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September 19, 2005

Ch. XXVIII. Q. 148. What is the doctrine of the Real Presence?

THE DOCTRINE of the Real Presence is that, by reason of the consecration of the species, the Sacrament of the Holy Eucharist possesses an inward part—the Body and Blood of Christ, which are present truly and objectively, although supernaturally, in with and under the consecrated bread and wine.1

2. The doctrine of such a presence follows necessarily from the communication of idioms expressed in our Lord's words, "This is my Body —This is my Blood." It is the Incarnation, the taking of the manhood into God, which justifies the application of the predicate God to the Child of Mary. So the Church has always believed that the accomplishment of a sacramental union and of a real presence of the Body and Blood of Christ in the consecrated species is the only fact which can justify the assertion of Christ that the consecrated species are His Body and blood (cf. Q. 107).2

3. Catholic theologians have made the further and inevitable inference from our Lord's words, that the bread and wine undergo a mysterious change or conversion, by means of their consecration, analagous to that through which the manhood of Christ passed, when taken into God. Because of this conversion the Church looks upon the consecrated species, not as ordinary bread and wine, but as somehow changed into the Body and Blood of Christ, although without losing their natural and nourishing qualities. This conversion is signified indirectly in our Communion by the term consecration. But the Latins and Greeks speak more directly and call it transubstantiation, transubstantio, μεταποίησις.3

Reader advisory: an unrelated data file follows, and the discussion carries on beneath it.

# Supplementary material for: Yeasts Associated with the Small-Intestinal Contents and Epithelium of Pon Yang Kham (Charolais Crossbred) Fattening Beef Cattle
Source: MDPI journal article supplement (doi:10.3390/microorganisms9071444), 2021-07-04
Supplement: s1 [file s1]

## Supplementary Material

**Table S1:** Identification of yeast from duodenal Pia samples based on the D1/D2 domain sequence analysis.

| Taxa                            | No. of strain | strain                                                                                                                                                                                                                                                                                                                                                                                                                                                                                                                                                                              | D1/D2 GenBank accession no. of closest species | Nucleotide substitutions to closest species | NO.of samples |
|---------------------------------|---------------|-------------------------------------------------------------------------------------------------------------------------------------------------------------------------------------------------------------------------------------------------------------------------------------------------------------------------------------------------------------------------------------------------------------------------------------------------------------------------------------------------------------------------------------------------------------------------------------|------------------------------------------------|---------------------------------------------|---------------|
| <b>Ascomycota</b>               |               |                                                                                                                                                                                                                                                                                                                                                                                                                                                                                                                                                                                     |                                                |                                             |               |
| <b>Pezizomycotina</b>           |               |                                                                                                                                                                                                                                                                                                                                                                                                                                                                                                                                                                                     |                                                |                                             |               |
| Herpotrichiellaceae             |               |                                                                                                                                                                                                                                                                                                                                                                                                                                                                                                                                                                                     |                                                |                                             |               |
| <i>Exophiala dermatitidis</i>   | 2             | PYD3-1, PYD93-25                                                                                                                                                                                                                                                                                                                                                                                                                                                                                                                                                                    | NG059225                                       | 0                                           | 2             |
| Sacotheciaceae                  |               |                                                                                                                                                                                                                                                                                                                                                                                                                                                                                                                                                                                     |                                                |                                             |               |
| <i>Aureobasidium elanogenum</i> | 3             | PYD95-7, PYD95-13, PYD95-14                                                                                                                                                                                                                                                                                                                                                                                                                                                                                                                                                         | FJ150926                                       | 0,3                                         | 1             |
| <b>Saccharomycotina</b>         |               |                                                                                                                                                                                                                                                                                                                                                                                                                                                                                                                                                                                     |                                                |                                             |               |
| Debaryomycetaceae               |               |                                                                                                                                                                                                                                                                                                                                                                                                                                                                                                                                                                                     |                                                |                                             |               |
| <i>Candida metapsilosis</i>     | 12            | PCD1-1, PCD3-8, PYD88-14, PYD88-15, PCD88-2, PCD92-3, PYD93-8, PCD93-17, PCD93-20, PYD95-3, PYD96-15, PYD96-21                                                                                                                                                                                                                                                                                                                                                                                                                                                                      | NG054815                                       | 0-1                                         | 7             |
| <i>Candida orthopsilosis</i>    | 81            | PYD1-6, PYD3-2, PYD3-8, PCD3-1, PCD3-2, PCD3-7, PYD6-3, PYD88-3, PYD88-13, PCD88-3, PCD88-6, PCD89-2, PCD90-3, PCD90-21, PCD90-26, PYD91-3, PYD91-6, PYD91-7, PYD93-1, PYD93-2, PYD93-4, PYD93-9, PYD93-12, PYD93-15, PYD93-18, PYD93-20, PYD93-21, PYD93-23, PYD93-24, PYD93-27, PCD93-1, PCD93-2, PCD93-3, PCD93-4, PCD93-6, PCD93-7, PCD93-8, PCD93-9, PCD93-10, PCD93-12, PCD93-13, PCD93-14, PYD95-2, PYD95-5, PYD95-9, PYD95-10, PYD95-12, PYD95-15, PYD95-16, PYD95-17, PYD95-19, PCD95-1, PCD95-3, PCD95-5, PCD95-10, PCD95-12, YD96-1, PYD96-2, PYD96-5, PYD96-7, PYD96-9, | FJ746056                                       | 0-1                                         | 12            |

4. The term transubstantiation has been used to signify two distinct doctrines. The one condemned by our Articles is that which was current among Romanists in England when the Articles were written, and which overthrew the nature of a Sacrament by denying all reality to the natural species after the consecration. Scholastic theologians and the Council of Trent meant no such doctrine by the use of the term; but simply this, that the consecration so changes the substantia or formal object of the intellect (as distinguished from the accendentia or formal object of the senses) that it is no longer bread and wine but the Body and Blood of Christ. No physical change is signified by the term, which is used philosophically, but one altogether supersensible and mysterious. Thus the official doctrine of the Greeks, Latins and Anglicans can be harmonized, although the ambiguity of the term transubstantiation, as used among us, and the language of our Articles make it impossible for us to employ it ordinarily without causing misconception and suspicion of error.4

5. The doctrine of the Real Presence and of the conversion of the consecrated species is contained in the writings of Anglo-Catholic theologians and of all the chief ancient Fathers, both East and West, who have thus interpreted Holy Scripture.5 It is also distinctly implied in all Catholic Liturgies and in our Book of Common Prayer, and is the only legitimate basis and justification of the Catholic practice of Eucharistic Adoration (Q. 151. 5).6

6. Since the two natures of our Lord are united hypostatically and are incapable of separation (Qq. 102, 105), they remain undivided in the Holy Eucharist; so that the entire Christ, including His human Body and soul and His Godhead, is present in the Sacrament. Two consequences follow (a.) Eucharistic Adoration is inevitable and is not idolatrous, since what we worship is a Divine Person Incarnate (Q. 151. 5); (b.) a concomitance of the Body and Blood of Christ exists in the Sacrament, which is independent of mechanical circumstances (Q. 149. 6).7